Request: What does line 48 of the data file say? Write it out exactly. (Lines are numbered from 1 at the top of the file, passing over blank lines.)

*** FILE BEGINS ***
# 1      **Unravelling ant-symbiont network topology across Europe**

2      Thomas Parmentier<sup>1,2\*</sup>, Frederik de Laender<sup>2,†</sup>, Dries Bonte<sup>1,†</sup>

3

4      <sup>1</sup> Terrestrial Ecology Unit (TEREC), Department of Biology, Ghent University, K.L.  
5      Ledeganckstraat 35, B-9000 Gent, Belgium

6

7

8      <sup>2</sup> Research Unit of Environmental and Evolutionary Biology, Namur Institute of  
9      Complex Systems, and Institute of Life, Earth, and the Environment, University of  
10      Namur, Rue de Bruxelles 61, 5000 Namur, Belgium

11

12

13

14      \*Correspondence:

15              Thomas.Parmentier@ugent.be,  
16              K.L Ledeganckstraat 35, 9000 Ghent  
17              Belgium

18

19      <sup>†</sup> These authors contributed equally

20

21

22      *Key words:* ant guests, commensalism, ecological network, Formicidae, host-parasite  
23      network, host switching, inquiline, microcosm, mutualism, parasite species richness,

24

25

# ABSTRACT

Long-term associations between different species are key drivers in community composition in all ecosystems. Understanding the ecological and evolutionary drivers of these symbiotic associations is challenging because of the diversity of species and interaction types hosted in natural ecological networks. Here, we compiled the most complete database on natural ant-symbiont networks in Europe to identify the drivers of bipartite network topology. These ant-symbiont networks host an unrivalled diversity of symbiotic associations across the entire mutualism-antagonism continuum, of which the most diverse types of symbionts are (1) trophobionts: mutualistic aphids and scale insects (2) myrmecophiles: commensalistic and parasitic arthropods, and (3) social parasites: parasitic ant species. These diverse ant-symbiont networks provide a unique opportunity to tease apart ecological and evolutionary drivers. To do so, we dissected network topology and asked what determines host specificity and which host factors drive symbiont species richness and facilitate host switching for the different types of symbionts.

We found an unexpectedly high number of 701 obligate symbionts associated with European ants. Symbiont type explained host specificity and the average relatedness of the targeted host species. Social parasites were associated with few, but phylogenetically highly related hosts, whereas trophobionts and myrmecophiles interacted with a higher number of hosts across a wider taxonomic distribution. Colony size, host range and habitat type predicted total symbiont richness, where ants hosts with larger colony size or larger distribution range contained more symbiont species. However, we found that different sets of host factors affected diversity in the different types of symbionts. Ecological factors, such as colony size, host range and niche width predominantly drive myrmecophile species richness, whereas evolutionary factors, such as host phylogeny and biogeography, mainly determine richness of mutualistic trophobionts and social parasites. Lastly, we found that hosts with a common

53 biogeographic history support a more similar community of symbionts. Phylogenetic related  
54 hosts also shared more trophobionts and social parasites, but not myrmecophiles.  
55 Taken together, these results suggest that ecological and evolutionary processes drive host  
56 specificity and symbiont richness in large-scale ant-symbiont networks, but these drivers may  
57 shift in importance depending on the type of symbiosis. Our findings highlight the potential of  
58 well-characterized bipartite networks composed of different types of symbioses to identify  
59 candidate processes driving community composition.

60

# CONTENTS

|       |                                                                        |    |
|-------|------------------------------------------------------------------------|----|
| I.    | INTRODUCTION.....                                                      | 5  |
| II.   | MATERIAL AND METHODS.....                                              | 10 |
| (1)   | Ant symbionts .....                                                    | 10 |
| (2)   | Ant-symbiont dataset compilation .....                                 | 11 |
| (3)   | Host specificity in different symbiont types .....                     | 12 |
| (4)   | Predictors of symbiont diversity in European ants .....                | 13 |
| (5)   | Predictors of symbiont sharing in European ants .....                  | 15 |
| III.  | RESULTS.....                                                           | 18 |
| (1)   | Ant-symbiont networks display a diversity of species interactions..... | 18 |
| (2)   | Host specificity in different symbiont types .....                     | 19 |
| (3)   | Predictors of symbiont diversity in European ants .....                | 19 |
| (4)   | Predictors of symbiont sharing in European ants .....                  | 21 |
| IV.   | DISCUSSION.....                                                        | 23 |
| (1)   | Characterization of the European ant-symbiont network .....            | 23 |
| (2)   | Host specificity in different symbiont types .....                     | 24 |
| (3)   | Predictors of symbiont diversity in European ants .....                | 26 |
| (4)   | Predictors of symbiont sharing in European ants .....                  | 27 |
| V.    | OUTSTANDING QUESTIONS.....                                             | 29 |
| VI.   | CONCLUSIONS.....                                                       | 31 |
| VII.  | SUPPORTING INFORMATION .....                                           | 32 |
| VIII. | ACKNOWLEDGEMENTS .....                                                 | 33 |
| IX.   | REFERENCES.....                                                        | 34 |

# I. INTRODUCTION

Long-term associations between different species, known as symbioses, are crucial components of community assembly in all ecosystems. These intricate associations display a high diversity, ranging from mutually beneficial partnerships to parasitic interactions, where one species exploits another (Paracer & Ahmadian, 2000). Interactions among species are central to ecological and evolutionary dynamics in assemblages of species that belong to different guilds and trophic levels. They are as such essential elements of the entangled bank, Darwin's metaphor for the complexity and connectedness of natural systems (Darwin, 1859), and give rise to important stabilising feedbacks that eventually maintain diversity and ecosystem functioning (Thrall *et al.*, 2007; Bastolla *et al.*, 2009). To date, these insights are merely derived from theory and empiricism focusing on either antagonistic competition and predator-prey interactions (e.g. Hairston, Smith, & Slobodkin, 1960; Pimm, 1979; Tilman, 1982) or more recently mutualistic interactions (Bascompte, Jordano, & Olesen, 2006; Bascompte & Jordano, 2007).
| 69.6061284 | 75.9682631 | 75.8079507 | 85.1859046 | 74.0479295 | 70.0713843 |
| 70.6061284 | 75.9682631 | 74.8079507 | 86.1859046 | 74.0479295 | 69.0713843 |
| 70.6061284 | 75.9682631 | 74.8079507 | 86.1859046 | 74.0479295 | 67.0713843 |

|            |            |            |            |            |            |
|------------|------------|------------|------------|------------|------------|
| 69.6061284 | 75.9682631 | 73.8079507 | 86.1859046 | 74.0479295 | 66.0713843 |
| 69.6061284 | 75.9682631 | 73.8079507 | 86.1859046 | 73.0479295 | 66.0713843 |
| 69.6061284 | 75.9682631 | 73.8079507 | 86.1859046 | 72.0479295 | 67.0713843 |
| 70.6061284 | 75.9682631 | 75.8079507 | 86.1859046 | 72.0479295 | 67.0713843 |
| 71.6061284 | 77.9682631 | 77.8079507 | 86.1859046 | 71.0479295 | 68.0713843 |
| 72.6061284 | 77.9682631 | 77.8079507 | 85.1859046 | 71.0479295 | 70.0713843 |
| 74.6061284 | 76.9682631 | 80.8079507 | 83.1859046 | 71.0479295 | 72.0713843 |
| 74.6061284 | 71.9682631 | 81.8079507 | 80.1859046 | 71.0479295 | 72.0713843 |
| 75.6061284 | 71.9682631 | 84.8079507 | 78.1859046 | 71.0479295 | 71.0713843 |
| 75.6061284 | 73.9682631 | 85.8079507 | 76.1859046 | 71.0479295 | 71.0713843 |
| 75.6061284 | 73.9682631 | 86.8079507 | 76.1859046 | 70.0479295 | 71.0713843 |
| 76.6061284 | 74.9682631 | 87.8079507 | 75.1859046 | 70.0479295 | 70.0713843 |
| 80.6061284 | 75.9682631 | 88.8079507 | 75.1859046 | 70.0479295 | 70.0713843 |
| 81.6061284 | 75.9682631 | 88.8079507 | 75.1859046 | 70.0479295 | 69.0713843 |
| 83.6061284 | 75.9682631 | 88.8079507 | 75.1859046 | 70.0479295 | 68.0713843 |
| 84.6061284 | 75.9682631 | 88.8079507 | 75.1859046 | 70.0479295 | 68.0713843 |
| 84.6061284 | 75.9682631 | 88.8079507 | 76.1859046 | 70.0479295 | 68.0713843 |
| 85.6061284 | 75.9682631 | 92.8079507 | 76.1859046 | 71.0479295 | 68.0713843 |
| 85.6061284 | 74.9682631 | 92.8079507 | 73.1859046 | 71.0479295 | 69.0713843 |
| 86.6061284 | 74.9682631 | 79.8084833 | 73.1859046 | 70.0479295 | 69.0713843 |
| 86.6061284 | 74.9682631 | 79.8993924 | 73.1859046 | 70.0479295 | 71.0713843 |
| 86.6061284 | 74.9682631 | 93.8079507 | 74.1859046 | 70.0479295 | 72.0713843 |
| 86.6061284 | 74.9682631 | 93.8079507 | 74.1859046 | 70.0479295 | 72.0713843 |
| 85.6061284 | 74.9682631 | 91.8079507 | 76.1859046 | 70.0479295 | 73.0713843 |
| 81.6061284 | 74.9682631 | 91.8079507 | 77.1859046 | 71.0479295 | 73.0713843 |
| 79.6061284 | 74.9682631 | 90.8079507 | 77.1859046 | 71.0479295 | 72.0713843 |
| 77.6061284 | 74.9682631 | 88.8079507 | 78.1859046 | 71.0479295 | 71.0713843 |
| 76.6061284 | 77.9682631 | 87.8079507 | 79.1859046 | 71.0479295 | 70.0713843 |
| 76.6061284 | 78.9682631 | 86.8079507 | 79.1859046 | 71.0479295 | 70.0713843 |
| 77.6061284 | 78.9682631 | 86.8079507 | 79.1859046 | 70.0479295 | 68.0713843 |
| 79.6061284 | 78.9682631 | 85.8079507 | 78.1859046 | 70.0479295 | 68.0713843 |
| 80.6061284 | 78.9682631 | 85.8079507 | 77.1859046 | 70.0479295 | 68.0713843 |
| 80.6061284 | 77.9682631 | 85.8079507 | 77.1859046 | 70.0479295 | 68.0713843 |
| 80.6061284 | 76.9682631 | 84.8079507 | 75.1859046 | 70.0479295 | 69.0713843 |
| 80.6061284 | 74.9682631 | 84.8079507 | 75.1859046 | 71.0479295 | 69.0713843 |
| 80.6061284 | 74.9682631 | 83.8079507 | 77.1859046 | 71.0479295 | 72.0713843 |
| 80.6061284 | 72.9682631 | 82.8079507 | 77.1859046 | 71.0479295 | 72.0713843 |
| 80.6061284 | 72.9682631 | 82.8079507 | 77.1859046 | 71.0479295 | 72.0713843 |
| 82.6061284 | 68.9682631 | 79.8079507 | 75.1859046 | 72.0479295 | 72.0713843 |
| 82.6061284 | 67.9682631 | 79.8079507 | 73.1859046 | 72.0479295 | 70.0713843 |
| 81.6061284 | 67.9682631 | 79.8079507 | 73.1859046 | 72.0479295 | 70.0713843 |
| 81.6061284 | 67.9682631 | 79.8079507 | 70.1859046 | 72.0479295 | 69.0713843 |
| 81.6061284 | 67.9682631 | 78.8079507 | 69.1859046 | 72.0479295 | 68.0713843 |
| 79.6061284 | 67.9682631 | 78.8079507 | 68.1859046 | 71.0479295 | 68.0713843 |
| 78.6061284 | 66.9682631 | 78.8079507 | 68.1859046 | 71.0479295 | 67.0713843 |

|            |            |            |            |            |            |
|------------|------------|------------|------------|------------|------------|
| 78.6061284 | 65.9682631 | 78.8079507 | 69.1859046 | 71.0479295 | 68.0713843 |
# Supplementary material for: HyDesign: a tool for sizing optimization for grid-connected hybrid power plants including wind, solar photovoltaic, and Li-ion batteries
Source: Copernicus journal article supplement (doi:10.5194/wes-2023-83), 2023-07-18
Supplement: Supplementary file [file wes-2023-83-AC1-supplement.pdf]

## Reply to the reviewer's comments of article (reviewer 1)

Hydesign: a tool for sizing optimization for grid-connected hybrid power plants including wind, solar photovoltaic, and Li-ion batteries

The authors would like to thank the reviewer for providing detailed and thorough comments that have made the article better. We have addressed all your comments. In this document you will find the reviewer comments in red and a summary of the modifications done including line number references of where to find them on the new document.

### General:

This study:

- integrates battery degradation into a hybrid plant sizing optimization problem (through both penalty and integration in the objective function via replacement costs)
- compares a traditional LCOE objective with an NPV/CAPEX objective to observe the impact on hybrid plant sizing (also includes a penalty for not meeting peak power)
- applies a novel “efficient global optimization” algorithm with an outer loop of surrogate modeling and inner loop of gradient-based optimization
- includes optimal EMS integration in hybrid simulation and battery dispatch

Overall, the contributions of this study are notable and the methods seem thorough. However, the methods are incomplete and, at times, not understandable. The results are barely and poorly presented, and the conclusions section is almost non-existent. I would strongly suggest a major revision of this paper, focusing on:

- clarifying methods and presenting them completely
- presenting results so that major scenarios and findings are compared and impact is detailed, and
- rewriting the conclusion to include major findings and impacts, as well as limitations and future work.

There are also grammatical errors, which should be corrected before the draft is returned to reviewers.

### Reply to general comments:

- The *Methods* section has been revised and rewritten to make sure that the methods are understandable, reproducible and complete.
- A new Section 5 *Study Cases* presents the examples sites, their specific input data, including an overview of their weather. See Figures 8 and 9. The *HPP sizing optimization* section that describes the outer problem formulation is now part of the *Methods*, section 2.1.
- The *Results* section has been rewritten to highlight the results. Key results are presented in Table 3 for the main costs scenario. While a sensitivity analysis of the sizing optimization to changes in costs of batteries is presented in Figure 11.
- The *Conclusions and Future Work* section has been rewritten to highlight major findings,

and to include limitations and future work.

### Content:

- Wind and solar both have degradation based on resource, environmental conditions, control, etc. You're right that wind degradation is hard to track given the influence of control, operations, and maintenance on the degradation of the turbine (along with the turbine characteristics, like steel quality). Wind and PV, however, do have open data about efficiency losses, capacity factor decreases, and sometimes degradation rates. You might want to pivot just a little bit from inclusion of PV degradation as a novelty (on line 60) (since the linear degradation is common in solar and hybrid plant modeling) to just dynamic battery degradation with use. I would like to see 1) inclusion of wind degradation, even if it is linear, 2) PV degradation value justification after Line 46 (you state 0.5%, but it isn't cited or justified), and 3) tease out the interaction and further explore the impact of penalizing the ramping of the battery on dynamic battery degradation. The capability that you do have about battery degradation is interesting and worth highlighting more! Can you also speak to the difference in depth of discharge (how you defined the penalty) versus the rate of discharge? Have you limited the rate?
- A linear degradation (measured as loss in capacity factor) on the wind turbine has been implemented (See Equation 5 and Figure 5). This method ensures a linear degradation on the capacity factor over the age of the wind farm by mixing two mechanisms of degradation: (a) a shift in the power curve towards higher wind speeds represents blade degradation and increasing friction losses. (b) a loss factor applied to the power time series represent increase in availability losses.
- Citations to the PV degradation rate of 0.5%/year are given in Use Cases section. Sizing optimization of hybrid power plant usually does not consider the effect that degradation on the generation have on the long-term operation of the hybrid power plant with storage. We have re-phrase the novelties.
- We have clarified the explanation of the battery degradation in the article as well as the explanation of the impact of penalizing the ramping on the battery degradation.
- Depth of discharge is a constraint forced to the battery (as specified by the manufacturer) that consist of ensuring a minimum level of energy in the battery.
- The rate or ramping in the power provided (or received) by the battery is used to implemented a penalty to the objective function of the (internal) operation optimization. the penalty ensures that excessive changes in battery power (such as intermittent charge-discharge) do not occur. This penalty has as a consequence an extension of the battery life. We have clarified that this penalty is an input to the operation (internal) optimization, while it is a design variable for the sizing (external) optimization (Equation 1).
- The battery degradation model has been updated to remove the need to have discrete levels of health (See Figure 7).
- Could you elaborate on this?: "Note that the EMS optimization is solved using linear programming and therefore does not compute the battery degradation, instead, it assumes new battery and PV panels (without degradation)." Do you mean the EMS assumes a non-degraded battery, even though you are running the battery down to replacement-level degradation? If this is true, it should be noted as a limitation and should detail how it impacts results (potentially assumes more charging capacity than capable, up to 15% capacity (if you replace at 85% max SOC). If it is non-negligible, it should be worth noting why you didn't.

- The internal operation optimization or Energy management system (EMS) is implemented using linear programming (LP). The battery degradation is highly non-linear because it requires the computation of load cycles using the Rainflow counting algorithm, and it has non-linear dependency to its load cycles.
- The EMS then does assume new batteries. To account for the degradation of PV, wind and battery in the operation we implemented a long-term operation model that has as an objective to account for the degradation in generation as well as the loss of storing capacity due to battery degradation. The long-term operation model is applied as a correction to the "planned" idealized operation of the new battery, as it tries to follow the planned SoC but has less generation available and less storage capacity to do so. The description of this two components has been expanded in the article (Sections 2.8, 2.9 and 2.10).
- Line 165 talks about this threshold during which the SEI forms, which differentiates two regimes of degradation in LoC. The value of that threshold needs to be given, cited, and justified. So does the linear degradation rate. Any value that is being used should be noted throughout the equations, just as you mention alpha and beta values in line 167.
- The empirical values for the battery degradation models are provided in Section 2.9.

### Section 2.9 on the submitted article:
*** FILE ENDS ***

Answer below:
| (1)   | Ant-symbiont networks display a diversity of species interactions..... | 18 |